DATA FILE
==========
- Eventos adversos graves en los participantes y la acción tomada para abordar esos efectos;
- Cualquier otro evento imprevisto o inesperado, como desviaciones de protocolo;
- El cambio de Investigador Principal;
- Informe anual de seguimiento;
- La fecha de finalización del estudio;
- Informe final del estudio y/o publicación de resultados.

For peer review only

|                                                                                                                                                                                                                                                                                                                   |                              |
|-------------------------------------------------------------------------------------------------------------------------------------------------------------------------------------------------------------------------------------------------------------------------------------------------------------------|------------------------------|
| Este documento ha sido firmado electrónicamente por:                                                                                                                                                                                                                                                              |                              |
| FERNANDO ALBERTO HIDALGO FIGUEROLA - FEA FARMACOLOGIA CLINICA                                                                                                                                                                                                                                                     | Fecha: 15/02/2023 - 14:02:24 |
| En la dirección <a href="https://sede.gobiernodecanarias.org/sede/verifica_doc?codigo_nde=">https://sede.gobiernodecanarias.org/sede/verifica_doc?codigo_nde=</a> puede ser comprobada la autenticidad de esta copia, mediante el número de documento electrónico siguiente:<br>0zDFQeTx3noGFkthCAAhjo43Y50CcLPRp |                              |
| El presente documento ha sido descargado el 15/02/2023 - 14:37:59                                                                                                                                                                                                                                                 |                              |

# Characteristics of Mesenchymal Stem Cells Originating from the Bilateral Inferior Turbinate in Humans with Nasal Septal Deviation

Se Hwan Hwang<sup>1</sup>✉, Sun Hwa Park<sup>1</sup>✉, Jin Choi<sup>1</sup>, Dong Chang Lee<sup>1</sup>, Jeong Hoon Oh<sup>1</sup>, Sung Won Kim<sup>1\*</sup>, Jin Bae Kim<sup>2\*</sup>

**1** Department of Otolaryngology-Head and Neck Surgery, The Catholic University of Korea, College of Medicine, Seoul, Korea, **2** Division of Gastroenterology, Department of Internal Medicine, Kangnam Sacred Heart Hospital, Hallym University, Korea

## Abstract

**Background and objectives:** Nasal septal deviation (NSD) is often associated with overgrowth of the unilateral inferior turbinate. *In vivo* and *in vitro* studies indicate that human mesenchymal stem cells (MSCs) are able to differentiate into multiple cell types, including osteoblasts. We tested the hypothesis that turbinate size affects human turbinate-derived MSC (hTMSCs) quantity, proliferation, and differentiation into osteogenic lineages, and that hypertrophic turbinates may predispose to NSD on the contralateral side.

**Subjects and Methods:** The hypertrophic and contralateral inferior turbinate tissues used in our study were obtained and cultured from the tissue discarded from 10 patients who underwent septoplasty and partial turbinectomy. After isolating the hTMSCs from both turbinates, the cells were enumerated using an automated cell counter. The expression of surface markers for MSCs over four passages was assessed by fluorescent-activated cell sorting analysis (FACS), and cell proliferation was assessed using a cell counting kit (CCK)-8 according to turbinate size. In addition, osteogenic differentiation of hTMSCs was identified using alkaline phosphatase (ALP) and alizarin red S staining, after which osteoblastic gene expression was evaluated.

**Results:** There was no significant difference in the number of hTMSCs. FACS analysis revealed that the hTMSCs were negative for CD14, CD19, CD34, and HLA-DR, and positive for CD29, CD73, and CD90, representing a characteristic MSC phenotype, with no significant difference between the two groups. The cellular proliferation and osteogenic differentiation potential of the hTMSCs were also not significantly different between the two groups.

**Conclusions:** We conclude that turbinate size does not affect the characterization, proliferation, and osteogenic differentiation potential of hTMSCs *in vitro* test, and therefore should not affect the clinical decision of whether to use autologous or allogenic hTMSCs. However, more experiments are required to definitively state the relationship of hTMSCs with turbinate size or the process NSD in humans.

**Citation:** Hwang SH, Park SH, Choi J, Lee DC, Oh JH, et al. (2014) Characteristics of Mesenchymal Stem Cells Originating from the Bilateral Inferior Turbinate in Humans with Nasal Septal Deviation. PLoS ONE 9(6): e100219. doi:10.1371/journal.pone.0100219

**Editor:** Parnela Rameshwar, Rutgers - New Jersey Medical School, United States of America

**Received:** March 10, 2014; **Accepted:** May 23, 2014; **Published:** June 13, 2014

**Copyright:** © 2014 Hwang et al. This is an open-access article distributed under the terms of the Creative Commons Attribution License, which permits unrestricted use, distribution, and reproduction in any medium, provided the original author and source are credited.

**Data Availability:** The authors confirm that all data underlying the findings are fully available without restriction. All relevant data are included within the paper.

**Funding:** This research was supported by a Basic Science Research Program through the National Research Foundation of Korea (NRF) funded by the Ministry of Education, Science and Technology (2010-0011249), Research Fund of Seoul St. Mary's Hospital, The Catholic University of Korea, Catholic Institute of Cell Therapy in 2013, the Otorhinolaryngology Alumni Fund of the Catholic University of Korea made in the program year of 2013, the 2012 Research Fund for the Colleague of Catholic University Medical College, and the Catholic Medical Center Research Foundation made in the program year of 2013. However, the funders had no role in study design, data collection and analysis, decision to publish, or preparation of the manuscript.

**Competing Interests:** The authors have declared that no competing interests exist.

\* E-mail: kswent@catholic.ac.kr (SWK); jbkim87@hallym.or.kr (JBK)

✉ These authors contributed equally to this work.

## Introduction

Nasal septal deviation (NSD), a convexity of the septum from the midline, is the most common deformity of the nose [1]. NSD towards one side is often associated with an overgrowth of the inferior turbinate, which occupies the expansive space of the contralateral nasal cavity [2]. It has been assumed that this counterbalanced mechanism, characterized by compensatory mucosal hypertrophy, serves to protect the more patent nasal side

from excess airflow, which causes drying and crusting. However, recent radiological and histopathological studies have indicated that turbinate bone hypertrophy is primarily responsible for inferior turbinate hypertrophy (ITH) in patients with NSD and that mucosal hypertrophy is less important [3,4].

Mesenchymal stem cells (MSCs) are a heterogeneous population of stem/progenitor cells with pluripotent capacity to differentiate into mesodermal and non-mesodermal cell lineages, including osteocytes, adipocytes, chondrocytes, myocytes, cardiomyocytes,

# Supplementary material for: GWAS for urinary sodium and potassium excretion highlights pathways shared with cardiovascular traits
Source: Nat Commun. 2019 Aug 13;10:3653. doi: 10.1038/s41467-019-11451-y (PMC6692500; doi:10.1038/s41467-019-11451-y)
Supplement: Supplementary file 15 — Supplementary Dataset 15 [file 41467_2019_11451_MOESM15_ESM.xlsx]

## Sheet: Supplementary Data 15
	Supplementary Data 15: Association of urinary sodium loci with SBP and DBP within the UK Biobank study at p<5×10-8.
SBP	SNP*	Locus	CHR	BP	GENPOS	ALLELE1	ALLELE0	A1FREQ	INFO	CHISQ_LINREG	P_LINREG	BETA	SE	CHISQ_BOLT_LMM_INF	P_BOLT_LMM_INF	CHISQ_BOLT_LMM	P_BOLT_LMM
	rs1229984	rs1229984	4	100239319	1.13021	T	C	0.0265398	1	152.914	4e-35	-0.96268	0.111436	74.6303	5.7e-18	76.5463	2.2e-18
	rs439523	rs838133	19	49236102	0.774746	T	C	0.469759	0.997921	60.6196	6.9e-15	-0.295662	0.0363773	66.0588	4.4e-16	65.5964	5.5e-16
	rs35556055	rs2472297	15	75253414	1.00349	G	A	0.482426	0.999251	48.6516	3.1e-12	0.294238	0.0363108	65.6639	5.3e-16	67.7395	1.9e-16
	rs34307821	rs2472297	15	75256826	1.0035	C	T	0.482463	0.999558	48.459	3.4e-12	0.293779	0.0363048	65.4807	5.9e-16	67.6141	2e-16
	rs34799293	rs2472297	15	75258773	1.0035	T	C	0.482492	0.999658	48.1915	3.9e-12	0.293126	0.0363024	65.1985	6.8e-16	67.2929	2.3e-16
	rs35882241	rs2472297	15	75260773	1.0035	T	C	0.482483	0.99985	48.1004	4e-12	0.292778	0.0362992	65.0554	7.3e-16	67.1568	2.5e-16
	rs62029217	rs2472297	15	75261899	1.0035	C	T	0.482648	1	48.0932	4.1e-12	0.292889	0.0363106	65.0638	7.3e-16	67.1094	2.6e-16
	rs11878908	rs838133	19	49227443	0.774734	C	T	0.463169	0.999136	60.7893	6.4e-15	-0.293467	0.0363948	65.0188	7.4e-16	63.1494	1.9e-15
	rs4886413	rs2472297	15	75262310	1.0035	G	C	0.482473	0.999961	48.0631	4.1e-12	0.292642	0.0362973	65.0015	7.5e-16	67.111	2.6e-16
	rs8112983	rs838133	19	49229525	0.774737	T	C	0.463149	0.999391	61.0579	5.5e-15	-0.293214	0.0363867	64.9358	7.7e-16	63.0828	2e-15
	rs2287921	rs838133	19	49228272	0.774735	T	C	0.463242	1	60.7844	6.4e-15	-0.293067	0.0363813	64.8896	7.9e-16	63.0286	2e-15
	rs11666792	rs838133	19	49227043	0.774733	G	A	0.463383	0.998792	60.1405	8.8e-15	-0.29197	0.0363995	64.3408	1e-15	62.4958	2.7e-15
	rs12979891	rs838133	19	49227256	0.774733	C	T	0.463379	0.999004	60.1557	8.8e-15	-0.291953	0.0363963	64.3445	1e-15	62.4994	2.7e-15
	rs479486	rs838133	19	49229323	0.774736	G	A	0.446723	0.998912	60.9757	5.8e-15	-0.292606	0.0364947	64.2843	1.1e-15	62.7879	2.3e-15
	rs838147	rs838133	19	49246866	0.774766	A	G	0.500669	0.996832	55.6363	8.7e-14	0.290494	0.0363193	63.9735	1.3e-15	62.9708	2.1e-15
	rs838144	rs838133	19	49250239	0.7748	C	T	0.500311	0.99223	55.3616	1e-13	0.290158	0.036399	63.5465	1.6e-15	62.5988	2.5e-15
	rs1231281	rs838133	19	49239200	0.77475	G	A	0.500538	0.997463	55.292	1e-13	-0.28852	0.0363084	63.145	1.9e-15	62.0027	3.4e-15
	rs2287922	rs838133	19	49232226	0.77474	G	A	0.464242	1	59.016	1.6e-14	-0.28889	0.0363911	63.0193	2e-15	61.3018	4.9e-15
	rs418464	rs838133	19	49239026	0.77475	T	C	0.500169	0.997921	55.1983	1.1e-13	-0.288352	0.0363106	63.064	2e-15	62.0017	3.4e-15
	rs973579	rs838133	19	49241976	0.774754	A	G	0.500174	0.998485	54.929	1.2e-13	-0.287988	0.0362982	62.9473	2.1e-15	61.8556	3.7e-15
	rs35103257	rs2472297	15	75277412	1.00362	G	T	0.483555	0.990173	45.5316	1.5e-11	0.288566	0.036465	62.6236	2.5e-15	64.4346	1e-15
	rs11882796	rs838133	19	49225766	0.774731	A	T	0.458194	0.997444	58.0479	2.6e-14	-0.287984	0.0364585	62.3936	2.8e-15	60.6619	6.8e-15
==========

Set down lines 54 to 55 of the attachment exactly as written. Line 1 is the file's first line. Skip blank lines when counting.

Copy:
	rs479486	rs838133	19	49229323	0.774736	G	A	0.446723	0.998912	60.9757	5.8e-15	-0.292606	0.0364947	64.2843	1.1e-15	62.7879	2.3e-15
	rs838147	rs838133	19	49246866	0.774766	A	G	0.500669	0.996832	55.6363	8.7e-14	0.290494	0.0363193	63.9735	1.3e-15	62.9708	2.1e-15